The current in each conductor is given by the equation , where J is the current density and A is the cross sectional area of the conductor. Using this equation yields a current of 7.85mA for the left conductor and -7.85mA for the right conductor.
The experiment from 3.2 was then replicated using a single, circular, current-carrying conductor of radius 0.2cm. The boundary conditions for the enclosed area remained the same while, for the conductor, magnetic permeability was set to and current density to 1. The following model was observed:
The magnetic flux density was then measured from the FEM model for a number of distances and compared with results calculated from theory; this comparison can be found in table 1 below.
For this electrostatic model, a 16cm x 12cm square was plotted to represent four electric diodes of differing electric potential, shown in figure 4.
The dielectric permittivity of the electric diodes was set to 1 and the electric potential and electric field for the system was modelled as shown below:
The variation of electric field between the positive and negative diodes is represented through the shading and the electric field lines are shown in black.
Values for the electric potential at particular geometric coordinates were then measured from the FEM model and compared against the results calculated from FDM; this comparison can be found in table 2.
This experiment aimed to model the electric field distribution of a voltage controlled, comb-drive, electrostatic micro-actuator, consisting of a movable comb and a fixed comb, with the latter containing four fingers. The dimensions of the comb were specified as follows: w=1, d=1, dl=0.6 and Lc=3 (all figures are in mm) and explained through figure 6:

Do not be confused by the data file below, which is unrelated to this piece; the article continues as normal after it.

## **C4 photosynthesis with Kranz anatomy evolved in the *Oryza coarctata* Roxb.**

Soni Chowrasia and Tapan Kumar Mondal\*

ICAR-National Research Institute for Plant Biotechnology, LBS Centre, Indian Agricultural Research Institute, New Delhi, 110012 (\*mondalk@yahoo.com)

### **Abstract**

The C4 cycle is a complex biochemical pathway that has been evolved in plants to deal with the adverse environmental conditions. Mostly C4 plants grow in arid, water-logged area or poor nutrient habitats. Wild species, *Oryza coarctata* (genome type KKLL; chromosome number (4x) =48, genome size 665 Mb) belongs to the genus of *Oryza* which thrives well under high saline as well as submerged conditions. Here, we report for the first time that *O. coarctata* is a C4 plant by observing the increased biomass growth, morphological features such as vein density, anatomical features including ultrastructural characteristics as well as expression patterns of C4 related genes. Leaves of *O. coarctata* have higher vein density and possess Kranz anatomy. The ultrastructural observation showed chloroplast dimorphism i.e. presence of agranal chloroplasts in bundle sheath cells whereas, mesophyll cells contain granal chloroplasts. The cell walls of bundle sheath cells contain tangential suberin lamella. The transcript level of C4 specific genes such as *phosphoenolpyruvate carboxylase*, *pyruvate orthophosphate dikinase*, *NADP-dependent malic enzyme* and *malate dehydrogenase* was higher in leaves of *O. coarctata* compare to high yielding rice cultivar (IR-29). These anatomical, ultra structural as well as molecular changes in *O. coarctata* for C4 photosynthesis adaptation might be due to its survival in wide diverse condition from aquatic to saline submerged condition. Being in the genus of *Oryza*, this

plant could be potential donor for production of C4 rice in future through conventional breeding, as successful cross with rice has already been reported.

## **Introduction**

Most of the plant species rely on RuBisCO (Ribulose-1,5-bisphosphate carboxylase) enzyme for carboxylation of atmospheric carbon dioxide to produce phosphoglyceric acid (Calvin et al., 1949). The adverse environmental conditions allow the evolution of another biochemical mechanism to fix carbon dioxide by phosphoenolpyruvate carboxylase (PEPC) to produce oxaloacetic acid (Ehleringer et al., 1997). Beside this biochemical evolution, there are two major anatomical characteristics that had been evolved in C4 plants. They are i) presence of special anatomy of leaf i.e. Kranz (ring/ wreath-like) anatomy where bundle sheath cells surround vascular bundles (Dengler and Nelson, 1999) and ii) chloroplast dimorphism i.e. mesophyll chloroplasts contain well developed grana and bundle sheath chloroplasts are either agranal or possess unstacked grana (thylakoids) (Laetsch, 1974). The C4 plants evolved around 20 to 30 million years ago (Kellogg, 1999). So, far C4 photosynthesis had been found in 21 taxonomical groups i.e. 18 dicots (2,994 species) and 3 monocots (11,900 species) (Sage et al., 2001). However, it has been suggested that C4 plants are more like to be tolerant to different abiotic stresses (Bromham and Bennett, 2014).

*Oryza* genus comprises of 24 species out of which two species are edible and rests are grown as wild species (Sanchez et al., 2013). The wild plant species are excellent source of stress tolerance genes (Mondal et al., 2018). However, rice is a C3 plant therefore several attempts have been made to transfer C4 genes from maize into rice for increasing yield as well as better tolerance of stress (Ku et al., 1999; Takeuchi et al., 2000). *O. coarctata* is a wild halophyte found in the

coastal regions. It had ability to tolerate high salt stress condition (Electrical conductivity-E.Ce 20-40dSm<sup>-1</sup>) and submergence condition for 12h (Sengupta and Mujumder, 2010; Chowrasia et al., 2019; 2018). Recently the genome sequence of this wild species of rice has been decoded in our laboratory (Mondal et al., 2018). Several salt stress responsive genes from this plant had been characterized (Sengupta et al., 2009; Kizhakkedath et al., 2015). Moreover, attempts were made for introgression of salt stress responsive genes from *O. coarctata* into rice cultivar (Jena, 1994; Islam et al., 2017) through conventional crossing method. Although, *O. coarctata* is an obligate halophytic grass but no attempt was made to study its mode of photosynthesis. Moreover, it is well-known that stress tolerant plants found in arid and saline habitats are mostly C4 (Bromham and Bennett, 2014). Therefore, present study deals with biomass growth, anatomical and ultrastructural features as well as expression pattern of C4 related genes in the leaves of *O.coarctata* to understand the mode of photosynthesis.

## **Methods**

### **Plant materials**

The movable comb was given a potential of 5V and the fixed comb a potential of -5V to simulate a 10V applied voltage. The electric potential of the enclosed area was set to 0 and the space charge density to 0 as well. The following model, demonstrating electric field distribution, was observed:
A model for an electromagnet was created as shown in figure 8 below:
The magnetic permeability of the iron was set to 500 and current density 0. The coil was represented in the model by two rectangles either side of where the coil appears in figure 6, one with positive and one with negative current density. Given that the current in the coil is 10 A-turns, the current density is given by the equation, where A is equal to the area of the approximated coil. The magnetic permeability of both the ‘coil’ and the enclosed area were set to and models for the magnetic flux density and magnetic field were achieved. These are shown below:
The experiment was then altered to model the effects of the coil if the material of the magnet was plastic, with a relative permeability of 1, and therefore the magnetic permeability of the magnet was set to . All the other values remained constant. The magnetic flux density and magnetic field were then found and are shown below: